Understanding Open Source Contributions
Open source contributions represent a collaborative ethos, inviting individuals to actively participate in the betterment and evolution of publicly accessible projects, software, and resources. The process transcends mere code contributions; and rather encompasses a diverse array of inputs that bolster the overall quality and utility of these projects. Contributions span various domains, including coding, documentation, design, testing, and more. It's a collective effort where individuals bring their expertise and passion to innovate, improve, and refine projects that benefit a wider community. Whether it's fixing bugs, enhancing user interfaces, writing documentation, or optimizing algorithms, open source contributions are about making meaningful, tangible contributions that resonate beyond individual efforts.
Why Open Source Contributions are Crucial for your Tech Career
- Skill Development: Engaging in open source is a unique opportunity to improve your skills as an engineer. Through real-world problem-solving and collaborative development, open source projects enable continuous learning for skills including coding, debugging, and project management, thus fostering adaptability and a deep understanding of varied technologies.
- Network Building/Community: Embracing open source projects introduces tech pros to a supportive network beyond their peers from work or school. This community becomes an invaluable resource for mentorship, collaboration, and mutual learning that transcends geographical boundaries.
- Access to Quality Software/Technical Ecosystem: Contributing to open source projects grants you access to cutting-edge software, frameworks, and tools. This immersion into diverse technical landscapes not only enhances knowledge but also exposes engineers and tech professionals to different methodologies and approaches, broadening their technical acumen.
- Career Growth: Open source contributions serve as a testament to your commitment to continuous improvement. It's a showcase of initiative and proficiency that stands out on resumes, attracting prospective employers who value proactive problem-solving, collaboration, and innovation.
In essence, open source contributions are not just about coding or improving software; they are an immersive, continuous project that nurtures skills, fosters connections, expands technical horizons, and propels career trajectories.
Getting Started with Open Source Contributions
Making useful contributions to open source projects is a multi-step process. From getting started to submitting your code, we’ve outlined the following steps:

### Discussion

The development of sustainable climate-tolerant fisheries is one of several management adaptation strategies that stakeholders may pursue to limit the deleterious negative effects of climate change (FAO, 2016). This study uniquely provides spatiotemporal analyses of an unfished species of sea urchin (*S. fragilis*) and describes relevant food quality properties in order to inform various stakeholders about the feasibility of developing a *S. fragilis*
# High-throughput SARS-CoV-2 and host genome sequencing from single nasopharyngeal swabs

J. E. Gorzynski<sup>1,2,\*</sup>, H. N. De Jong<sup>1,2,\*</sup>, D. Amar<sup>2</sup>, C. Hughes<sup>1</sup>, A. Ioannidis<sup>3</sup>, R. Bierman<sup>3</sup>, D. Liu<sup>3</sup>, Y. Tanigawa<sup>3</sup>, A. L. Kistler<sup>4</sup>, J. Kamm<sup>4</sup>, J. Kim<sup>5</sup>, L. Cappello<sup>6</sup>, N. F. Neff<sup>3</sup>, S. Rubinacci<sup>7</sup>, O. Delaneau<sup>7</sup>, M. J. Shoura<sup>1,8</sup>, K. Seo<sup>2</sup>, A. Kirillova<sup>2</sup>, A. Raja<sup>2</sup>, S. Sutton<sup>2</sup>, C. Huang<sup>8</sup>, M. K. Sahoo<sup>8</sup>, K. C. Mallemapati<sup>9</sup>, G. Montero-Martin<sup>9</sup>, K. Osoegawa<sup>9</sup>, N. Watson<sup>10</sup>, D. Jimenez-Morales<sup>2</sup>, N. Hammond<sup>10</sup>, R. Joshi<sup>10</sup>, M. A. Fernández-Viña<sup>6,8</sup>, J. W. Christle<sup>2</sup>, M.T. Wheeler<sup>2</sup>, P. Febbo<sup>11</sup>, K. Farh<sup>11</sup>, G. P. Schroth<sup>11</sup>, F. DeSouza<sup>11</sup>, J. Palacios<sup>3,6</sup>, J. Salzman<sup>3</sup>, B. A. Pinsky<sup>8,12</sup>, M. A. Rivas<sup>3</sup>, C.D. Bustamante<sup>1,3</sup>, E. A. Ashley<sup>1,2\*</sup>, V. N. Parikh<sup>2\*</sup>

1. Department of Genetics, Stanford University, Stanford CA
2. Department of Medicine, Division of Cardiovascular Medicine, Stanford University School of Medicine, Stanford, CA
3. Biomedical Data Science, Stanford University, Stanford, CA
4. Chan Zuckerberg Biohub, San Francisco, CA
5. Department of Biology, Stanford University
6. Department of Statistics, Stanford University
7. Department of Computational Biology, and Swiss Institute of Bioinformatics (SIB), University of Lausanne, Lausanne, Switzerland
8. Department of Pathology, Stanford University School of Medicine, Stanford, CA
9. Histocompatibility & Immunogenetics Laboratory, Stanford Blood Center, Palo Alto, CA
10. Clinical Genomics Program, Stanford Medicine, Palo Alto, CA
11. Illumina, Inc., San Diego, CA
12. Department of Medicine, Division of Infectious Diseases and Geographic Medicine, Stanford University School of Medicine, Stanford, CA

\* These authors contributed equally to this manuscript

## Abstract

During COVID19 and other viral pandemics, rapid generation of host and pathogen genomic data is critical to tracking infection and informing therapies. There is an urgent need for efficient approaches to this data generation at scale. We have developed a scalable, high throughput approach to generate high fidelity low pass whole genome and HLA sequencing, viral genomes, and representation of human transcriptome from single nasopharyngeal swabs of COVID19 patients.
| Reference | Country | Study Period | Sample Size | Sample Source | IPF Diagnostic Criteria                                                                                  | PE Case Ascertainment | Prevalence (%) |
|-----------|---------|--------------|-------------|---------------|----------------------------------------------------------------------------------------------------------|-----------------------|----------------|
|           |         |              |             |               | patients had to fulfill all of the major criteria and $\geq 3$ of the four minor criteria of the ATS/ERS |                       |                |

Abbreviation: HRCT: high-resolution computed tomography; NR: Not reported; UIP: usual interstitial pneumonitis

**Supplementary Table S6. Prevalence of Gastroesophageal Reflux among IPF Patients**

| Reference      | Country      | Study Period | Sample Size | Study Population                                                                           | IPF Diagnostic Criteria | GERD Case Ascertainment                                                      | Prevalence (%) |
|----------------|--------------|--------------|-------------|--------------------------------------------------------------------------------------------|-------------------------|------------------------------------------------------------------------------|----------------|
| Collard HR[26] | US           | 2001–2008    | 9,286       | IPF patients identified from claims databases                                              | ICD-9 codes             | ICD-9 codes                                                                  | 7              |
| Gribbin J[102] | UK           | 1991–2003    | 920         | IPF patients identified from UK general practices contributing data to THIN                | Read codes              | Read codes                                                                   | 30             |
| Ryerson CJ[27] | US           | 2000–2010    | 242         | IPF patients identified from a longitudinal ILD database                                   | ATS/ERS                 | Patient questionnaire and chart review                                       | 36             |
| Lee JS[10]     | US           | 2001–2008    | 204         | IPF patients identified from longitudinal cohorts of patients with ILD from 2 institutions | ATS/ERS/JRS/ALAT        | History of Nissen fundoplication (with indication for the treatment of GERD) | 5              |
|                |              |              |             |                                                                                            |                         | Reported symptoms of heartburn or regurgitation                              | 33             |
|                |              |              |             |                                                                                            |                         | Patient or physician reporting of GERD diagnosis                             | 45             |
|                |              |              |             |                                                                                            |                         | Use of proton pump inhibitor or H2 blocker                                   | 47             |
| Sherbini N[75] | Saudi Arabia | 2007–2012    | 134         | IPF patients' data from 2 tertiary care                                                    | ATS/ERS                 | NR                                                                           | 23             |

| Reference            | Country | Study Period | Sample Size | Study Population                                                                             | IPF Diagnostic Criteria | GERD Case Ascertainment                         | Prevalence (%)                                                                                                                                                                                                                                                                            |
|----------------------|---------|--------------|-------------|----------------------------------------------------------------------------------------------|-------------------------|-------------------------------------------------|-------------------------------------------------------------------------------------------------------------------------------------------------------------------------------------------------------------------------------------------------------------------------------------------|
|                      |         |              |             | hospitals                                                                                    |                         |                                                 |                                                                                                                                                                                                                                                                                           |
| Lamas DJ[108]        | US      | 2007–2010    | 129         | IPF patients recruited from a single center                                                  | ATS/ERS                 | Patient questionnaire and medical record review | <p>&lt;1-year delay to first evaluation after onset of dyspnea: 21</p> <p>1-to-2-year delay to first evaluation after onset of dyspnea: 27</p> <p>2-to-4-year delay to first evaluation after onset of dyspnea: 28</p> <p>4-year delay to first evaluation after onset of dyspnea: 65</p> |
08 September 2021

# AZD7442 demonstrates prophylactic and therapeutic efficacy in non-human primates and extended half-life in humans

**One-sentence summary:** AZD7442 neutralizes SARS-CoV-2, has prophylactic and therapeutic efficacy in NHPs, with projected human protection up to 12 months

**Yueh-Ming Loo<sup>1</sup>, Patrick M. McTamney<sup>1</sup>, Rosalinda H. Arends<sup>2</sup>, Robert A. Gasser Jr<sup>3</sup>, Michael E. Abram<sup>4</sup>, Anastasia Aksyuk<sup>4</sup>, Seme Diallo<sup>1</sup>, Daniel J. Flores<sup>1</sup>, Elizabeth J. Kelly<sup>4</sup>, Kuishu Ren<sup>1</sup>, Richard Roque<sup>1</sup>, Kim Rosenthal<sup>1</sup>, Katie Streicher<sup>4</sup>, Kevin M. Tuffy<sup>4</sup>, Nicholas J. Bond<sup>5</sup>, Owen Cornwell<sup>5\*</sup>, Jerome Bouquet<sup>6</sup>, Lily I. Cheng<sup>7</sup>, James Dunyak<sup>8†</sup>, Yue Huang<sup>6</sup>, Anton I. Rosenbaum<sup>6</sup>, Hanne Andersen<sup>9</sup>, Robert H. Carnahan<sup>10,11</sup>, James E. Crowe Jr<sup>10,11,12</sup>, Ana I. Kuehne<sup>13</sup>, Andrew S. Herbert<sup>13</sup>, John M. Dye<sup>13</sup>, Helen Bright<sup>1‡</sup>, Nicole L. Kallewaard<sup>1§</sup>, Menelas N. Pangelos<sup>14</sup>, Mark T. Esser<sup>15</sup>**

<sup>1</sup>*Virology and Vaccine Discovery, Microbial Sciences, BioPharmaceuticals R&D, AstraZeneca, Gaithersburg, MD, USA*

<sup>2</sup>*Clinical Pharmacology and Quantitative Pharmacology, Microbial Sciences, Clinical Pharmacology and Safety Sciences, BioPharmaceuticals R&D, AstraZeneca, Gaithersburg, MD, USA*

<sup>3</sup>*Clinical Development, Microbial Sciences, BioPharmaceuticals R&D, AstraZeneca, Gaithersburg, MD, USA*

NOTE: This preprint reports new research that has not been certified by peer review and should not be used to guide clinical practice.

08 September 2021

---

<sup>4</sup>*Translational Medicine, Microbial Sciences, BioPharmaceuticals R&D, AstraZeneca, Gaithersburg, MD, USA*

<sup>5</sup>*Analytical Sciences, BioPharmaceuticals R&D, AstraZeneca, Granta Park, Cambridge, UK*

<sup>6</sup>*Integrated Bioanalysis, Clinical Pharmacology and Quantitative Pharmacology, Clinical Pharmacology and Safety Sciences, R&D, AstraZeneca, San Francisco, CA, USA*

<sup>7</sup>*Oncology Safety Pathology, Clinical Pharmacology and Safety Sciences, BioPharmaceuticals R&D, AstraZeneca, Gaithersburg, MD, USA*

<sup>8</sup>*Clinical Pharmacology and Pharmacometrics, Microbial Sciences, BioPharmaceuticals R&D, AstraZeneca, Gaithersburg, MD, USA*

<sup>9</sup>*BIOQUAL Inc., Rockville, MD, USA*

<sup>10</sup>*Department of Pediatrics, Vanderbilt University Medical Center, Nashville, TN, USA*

How to Select the Right Project Selecting the Right Project
Choosing the right project is like finding a fitting puzzle piece; it should align with your interests, skill level, and the community you wish to engage with. Look for projects that resonate with your passions, whether it's in web development, data science, or design. For beginners, seeking projects tagged as "beginner-friendly" or listing "good first issues" provides an excellent entry point. Equally essential is assessing the project's community—seek a supportive and active community that fosters guidance, collaboration, and a more enriching contribution experience.
What Platform Should I Use?
Platforms like GitHub and GitLab serve as the primary hubs for open source projects, each with its unique features and community dynamics. GitHub, widely popular among developers, hosts an extensive array of projects across diverse domains. GitLab, on the other hand, offers similar functionalities while focusing on integrated DevOps capabilities. Choosing the right platform involves considering factors like project visibility, community engagement, and ease of collaboration, aligning with your preferences and comfort. Explore both to see which fits best with your interests and intended trajectory.
How to Follow Project Documentation and Contribution Guidelines
Delving into project documentation is one of the most imperative parts of the process, as it helps you understand a project's structure, goals, and expectations. Paying attention to contribution guidelines set by project maintainers is crucial. These guidelines encompass rules for code formatting, submission processes such as pull requests, and communication channels like Slack, Discord, or mailing lists. Adhering to these guidelines ensures smooth integration and fosters a collaborative environment within the project's ecosystem.
Preparing Your Environment
Setting up your development environment involves installing necessary tools, libraries, and dependencies required for the project. Familiarize yourself with the project's structure and workflow by exploring the codebase and understanding how different components interact. Use issue trackers, tags, or labels within the project's repository to identify specific tasks or issues that align with your skills and interests. This process not only facilitates a smoother start but also helps you focus on areas where you can contribute meaningfully.
Making Contributions to Open Source Projects
Contributing to open source projects can be an initially confusing process, but ultimately proves itself to be a rewarding journey. Below, we’ve outlined every step — from the mundane to the creative — the guide you through the process and support the impact of your contributions:
1. Steps to Follow for Your First Contribution
- Claim an Issue: Begin by selecting a manageable task or issue from the project's list. Assign yourself to the issue to signal your intent to work on it.
- Fork the Repository: Create your own copy (fork) of the project's repository on platforms like GitHub. This serves as your sandbox to make changes.